The third patient is a female born to unrelated parents. She had typical facial dysmorphisms, severe intellectual disability, microcephaly, epilepsy, postnatal short stature, ventricular septal defect, vesico-ureteric reflux, club foot and unilateral choanal atresia. Molecular analysis of the ZEB2 gene showed a de novo c.1762G > T heterozygous mutation. She had two pneumococcal septicemias at the ages of 2 and 3 years. Abdominal USS revealed severe splenic hypoplasia (main axis: 34 mm, average for weight: 80 mm, range 78–87 mm). Howell-Jolly bodies were absent.

The fourth patient is a female born to non-related parents, presenting with a typical facies, microcephaly, postnatal short stature, developmental delay, epilepsy, atrial septal defect and patent ductus arteriosus, strabismus. A de novo c.2761C > T heterozygous mutation of the ZEB2 gene was identified confirming the diagnosis of MWS. She had no severe infections. USS showed moderate splenic hypoplasia (main axis: 46 mm, average for weight: 78 mm, range 76–78 mm).

The 2 other MWS patients followed in our genetic department had a normal spleen on USS and did not have severe infections.

On one hand, our report shows that spleen hypo/aplasia is a part of the phenotype of MWS. USS should be systematically performed on MWS patients in order to rule out spleen hypo/aplasia because of potential complications’ severity. Prevention of severe infections in cases of asplenia or severe hypoplasia, effectively requires appropriate antibiotic prophylaxis and vaccination that can restore the pool of memory B cells [10].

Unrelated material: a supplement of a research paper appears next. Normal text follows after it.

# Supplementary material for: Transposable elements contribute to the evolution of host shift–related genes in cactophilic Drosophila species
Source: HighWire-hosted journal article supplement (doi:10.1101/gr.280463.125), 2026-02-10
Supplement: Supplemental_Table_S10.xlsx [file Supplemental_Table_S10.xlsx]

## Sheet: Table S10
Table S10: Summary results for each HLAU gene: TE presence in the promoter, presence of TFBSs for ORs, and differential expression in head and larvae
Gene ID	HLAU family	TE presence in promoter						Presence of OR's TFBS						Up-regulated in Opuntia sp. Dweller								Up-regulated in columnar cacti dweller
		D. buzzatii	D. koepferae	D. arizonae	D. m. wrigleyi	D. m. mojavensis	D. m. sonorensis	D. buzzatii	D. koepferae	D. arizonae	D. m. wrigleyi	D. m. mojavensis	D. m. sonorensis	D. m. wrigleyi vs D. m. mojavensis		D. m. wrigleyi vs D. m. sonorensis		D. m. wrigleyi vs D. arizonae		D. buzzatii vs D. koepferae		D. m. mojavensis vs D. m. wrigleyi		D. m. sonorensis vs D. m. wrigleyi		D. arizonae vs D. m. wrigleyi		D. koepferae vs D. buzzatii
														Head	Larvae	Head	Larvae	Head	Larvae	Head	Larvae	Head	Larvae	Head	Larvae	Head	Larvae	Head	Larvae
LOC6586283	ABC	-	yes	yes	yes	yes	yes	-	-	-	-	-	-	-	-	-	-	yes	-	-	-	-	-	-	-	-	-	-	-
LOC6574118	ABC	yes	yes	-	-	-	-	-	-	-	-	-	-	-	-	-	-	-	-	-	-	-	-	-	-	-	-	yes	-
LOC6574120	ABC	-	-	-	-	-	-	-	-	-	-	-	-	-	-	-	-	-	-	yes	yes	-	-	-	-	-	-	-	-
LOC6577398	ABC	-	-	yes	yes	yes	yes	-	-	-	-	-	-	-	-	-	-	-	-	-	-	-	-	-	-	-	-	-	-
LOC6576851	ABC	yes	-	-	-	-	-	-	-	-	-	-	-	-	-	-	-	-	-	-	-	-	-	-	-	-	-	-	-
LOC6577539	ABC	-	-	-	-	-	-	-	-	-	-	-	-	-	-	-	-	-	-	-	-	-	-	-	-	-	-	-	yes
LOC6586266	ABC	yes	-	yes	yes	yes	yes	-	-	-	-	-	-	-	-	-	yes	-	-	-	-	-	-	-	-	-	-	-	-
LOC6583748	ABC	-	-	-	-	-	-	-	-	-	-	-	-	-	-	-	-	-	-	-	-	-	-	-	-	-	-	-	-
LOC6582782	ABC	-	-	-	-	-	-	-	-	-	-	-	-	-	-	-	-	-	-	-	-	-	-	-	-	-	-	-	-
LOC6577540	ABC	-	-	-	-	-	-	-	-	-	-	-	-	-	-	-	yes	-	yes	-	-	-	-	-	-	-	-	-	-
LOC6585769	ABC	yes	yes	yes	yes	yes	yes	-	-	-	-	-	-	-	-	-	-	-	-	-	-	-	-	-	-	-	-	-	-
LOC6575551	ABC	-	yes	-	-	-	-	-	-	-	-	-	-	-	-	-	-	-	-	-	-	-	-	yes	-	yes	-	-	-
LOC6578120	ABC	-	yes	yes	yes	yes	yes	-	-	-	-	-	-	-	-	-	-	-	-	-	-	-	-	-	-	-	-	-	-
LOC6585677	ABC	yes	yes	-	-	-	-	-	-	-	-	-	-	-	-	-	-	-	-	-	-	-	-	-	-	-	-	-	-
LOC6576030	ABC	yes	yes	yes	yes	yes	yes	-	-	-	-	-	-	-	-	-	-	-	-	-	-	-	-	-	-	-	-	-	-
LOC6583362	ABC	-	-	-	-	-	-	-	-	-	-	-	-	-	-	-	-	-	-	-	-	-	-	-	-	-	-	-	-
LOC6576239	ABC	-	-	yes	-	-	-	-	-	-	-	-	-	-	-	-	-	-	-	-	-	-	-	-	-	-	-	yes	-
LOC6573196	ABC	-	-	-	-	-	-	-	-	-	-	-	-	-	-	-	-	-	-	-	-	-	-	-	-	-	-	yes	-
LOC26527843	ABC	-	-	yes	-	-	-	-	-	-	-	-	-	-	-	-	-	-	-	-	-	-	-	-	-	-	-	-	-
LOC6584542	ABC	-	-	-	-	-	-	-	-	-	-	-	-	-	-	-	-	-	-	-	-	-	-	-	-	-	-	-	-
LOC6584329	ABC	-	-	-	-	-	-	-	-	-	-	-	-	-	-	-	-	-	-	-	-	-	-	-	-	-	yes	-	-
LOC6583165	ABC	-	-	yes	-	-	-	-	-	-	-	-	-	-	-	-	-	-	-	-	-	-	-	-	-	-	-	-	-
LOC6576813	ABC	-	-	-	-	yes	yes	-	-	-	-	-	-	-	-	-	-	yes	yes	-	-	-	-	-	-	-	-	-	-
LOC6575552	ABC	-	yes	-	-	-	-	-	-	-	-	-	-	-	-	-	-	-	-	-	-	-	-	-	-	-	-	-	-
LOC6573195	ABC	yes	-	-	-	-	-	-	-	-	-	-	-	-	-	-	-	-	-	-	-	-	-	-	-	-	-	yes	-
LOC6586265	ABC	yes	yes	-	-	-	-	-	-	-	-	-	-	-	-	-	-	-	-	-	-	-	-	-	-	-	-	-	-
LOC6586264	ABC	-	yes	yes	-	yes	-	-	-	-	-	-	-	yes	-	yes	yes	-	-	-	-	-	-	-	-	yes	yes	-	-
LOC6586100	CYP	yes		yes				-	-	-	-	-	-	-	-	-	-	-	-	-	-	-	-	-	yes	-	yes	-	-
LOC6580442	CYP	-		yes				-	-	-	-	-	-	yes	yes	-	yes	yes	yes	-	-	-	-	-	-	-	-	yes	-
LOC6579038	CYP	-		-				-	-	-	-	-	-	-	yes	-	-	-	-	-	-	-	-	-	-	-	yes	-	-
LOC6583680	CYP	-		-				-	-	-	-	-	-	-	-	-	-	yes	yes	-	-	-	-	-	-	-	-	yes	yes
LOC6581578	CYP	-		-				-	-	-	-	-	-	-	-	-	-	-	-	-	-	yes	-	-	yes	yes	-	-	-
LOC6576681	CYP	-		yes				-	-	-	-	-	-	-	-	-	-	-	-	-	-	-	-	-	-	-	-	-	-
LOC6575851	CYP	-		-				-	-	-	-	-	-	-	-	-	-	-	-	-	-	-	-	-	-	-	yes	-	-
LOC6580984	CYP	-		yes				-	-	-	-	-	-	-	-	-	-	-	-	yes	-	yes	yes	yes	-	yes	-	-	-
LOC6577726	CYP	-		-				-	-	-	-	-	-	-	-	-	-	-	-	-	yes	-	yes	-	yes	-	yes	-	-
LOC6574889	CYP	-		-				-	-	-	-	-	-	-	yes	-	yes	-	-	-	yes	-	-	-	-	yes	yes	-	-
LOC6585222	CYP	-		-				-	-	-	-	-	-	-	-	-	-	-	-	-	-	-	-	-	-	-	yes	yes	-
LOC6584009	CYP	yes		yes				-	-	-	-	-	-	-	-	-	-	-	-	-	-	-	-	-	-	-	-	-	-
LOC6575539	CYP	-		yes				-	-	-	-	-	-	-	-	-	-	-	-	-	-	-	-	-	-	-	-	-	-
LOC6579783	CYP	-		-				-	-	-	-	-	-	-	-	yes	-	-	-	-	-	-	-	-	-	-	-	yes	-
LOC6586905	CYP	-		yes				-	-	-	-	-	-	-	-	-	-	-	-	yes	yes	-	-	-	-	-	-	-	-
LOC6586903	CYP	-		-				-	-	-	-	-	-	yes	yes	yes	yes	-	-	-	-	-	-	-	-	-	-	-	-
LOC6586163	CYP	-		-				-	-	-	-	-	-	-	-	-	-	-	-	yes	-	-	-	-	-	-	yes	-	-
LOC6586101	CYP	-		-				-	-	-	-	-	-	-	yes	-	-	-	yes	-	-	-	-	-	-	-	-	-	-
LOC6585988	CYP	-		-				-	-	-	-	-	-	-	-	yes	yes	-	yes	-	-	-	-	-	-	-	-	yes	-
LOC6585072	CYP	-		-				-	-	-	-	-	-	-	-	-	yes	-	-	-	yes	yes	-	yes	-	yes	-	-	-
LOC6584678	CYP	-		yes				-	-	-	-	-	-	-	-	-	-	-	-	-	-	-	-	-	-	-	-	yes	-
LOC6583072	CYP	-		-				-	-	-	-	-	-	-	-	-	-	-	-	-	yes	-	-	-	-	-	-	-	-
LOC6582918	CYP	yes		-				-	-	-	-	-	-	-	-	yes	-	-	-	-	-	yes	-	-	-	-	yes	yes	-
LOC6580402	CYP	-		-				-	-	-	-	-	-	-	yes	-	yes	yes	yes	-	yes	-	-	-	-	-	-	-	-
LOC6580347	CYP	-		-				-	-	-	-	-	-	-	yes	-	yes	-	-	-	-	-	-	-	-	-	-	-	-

As our cohort only includes 6 MWS subjects, we think that other studies should be done to confirm if asplenia/ spleen hypoplasia is a new feature of this multisystem disorder.

Indeed, the case of asplenia previously reported has a de novo c.696C > G heterozygous mutation of ZEB2, so a different one from our patients. Furthermore, no spleen hypo/aplasia has been described in previously reported patients with de novo c.2083C > T or c.2761C > T heterozygous mutations of ZEB2 found in patients 1 and 4 [11].

On the other hand, this report emphasizes the potential role of ZEB2 in human spleen development. This association makes this gene a possible new candidate for isolated congenital asplenia. Indeed all cases cannot be attributed to RPSA gene, suggesting a possible genetic heterogeneity. Although mutations of ZEB2 are generally associated with much more complex conditions, it cannot be excluded that some missense mutations could be responsible for apparently isolated asplenia [2].



The authors wish to thanks all colleagues providing support for this article, the families for their kindly cooperation and the reviewers for their positives remarks and useful suggestions.

Authors’ Affiliations

Hospices Civils de Lyon, Groupe Hospitalier Est, Service de Génétique et Centre de référence des anomalies du développement, Bron, F-69677, France
Centre de recherche en Neurosciences de Lyon, Inserm U1028, CNRS UMR 5292, UCBL, équipe TIGER, Bron, France